November 2011 Archives
Like many of you, I use Adobe Creative Suite applications every day, specifically Photoshop, Dreamweaver and Acrobat Pro. These form the core of the tools I work with to maintain Graphics.com. The only significant exception is in the area of vector graphics—while Illustrator is part of Design Premium, I've never warmed to it and instead use Xara Designer Pro. I also have something else in common with more than a few of you, in that I'm not using a current version of these Adobe apps. Since I pay for the Suite myself, keeping it current, especially with new versions now being released more often, is a luxury I can't afford. But a recent shift in upgrade policy puts into question my ability to ever upgrade my applications.
It was of course the Marquis de Sade who once observed from his observatory of mankind that was the asylum of Charenton that "Those who define are the masters." In that he not only summed up the most important issues of our time but some of the most trivial. I speak here of the very minor footnote to Internet history which is the misguided Occupy Flash site and the shadowy figures behind it that prefer to not come forward.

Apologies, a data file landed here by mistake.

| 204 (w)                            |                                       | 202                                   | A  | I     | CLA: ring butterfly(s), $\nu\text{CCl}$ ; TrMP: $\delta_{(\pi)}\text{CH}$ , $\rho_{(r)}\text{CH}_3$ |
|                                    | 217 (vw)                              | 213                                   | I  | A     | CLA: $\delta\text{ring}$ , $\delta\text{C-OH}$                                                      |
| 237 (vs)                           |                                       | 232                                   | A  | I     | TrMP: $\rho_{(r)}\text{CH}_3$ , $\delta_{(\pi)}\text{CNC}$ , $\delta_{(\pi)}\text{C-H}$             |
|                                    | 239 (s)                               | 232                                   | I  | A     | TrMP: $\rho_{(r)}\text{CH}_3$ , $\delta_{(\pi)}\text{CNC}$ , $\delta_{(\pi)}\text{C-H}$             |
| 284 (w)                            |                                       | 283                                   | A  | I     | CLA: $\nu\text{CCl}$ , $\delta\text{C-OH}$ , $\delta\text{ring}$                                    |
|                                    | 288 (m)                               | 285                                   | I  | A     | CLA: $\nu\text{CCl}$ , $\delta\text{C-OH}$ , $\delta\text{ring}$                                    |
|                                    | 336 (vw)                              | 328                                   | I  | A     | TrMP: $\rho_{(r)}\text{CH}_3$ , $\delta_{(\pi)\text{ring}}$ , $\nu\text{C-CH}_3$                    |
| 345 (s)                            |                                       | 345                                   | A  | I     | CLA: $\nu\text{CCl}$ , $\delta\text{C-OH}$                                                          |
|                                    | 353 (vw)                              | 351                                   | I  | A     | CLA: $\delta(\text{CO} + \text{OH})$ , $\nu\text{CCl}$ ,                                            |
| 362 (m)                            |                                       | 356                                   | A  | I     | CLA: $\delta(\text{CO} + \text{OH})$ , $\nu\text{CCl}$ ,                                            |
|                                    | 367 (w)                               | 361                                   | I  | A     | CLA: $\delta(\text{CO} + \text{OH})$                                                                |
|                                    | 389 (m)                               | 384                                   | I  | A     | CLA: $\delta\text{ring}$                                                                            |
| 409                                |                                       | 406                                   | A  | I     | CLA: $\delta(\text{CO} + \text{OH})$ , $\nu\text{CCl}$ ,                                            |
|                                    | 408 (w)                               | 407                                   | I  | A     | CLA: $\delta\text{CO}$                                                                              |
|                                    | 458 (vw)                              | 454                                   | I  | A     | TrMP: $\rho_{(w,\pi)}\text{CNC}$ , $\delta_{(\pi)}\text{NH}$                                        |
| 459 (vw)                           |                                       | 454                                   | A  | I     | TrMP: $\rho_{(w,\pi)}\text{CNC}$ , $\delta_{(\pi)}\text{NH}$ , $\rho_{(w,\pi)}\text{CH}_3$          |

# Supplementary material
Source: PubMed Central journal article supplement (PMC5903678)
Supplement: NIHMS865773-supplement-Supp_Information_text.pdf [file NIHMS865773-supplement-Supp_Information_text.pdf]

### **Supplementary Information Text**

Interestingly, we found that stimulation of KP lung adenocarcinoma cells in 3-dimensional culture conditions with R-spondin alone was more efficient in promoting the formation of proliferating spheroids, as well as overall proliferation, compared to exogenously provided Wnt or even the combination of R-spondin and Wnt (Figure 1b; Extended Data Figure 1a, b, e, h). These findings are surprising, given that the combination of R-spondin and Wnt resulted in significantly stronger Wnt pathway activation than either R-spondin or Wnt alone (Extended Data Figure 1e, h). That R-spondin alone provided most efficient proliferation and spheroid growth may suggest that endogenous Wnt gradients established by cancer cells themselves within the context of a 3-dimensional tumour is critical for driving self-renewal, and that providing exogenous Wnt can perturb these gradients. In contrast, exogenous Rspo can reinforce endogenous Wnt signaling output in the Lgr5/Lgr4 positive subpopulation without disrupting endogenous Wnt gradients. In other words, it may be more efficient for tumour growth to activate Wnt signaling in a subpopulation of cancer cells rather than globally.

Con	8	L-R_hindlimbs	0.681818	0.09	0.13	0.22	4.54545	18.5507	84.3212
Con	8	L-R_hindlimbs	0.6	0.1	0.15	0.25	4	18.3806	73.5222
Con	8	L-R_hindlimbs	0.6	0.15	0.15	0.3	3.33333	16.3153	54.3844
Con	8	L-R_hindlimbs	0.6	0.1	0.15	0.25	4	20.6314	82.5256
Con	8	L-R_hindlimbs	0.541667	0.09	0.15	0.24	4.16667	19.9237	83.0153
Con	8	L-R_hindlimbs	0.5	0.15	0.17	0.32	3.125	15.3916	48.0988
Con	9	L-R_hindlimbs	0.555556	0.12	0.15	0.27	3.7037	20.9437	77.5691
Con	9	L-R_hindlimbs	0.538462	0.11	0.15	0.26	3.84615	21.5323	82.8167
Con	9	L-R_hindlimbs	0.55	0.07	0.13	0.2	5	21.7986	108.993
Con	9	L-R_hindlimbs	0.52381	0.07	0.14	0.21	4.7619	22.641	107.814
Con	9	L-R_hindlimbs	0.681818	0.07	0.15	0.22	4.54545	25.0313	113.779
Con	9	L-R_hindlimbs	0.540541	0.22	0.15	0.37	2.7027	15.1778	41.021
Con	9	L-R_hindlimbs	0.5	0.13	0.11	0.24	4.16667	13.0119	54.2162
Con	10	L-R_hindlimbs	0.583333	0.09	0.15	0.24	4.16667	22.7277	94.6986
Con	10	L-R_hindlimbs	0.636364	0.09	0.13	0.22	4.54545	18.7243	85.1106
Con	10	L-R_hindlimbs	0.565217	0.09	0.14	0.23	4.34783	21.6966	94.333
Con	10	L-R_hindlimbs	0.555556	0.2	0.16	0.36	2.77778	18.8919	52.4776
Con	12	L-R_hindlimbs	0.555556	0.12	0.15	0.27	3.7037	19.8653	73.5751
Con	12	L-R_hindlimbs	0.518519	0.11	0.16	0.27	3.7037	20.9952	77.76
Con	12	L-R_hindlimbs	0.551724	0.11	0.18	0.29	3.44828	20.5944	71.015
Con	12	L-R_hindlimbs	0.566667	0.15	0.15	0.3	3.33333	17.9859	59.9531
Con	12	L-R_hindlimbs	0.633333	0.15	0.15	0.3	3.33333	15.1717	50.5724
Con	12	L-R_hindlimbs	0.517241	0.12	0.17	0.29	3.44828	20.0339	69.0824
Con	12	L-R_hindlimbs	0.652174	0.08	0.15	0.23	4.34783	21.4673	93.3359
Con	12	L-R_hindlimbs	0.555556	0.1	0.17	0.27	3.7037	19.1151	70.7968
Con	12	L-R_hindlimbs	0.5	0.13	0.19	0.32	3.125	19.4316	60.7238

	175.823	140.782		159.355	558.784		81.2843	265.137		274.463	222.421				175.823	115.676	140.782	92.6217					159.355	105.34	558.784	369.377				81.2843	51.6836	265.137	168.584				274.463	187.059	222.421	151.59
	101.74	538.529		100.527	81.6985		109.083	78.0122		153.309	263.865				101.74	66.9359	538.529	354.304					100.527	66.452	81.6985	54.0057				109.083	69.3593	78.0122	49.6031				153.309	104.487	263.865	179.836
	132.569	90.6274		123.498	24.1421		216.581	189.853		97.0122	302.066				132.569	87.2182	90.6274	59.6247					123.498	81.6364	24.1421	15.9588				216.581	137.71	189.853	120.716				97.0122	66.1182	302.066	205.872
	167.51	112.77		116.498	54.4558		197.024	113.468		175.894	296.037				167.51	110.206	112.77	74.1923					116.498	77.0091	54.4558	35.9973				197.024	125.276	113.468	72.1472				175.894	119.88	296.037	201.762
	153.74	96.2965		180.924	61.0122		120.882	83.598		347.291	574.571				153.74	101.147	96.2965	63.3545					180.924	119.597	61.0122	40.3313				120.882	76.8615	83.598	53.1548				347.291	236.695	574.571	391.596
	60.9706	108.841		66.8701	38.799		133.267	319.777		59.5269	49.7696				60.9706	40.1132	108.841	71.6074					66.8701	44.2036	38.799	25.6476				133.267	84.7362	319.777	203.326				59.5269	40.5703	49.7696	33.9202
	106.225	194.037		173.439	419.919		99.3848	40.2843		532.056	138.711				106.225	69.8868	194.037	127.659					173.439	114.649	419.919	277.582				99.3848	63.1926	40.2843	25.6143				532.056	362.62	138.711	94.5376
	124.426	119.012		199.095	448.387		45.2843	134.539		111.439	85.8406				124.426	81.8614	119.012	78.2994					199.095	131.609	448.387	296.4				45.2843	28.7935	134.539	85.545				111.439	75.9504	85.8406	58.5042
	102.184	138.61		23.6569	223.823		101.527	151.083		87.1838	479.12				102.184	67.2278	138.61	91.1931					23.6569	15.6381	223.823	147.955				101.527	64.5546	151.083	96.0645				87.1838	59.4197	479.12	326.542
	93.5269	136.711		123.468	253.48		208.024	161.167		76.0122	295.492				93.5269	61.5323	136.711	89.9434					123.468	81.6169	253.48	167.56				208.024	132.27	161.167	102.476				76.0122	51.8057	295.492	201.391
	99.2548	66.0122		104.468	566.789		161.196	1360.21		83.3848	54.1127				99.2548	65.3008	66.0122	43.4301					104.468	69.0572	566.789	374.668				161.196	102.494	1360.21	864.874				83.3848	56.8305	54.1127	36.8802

One of the oldest tricks in the book when you're on a tight budget and looking to purchase goods or services is to go for one of the least expensive offerings of a high-end provider, rather than one of the most expensive from a business that focuses on the low end. Have lunch in a top restaurant, for example, and order just a single dish, washed down by mineral water. You'll eat well in a memorable environment and pay little more than for a more copious offering in a forgettable establishment. If your focus is on the quality of the experience, not the quantity, this approach can't fail.
A few years ago there seemed to be a bit of lull in the introduction of new typefaces. Perhaps not surprising, given the hundreds of thousands already available, ranging rom the classics, through contemporary releases and on into experimental offerings from individual designers and small font shops. But there's no doubt about it—we're now in the golden age of typography, with an avalanche of new releases upon us. And this will only increase, as the use of webfonts picks up speed.